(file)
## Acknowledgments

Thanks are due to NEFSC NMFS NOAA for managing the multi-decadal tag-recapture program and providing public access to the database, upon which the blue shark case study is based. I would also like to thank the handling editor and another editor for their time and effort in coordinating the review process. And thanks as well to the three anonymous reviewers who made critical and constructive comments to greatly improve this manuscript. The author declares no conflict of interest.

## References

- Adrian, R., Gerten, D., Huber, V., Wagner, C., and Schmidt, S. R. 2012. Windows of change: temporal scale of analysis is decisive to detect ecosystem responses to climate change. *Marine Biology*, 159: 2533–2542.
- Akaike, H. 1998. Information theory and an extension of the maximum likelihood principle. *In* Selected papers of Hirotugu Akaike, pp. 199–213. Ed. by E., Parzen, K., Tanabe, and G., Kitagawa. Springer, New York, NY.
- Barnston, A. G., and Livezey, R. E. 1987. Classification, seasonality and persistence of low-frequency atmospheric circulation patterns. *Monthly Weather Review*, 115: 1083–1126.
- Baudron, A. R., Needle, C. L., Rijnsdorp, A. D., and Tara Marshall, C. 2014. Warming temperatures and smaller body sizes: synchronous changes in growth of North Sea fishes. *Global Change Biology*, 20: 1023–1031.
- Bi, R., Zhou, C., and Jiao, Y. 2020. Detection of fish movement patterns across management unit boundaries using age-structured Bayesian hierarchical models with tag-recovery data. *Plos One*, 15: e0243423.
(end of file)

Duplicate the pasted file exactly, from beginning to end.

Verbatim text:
## Acknowledgments

Thanks are due to NEFSC NMFS NOAA for managing the multi-decadal tag-recapture program and providing public access to the database, upon which the blue shark case study is based. I would also like to thank the handling editor and another editor for their time and effort in coordinating the review process. And thanks as well to the three anonymous reviewers who made critical and constructive comments to greatly improve this manuscript. The author declares no conflict of interest.

## References

- Adrian, R., Gerten, D., Huber, V., Wagner, C., and Schmidt, S. R. 2012. Windows of change: temporal scale of analysis is decisive to detect ecosystem responses to climate change. *Marine Biology*, 159: 2533–2542.
- Akaike, H. 1998. Information theory and an extension of the maximum likelihood principle. *In* Selected papers of Hirotugu Akaike, pp. 199–213. Ed. by E., Parzen, K., Tanabe, and G., Kitagawa. Springer, New York, NY.
- Barnston, A. G., and Livezey, R. E. 1987. Classification, seasonality and persistence of low-frequency atmospheric circulation patterns. *Monthly Weather Review*, 115: 1083–1126.
- Baudron, A. R., Needle, C. L., Rijnsdorp, A. D., and Tara Marshall, C. 2014. Warming temperatures and smaller body sizes: synchronous changes in growth of North Sea fishes. *Global Change Biology*, 20: 1023–1031.
- Bi, R., Zhou, C., and Jiao, Y. 2020. Detection of fish movement patterns across management unit boundaries using age-structured Bayesian hierarchical models with tag-recovery data. *Plos One*, 15: e0243423.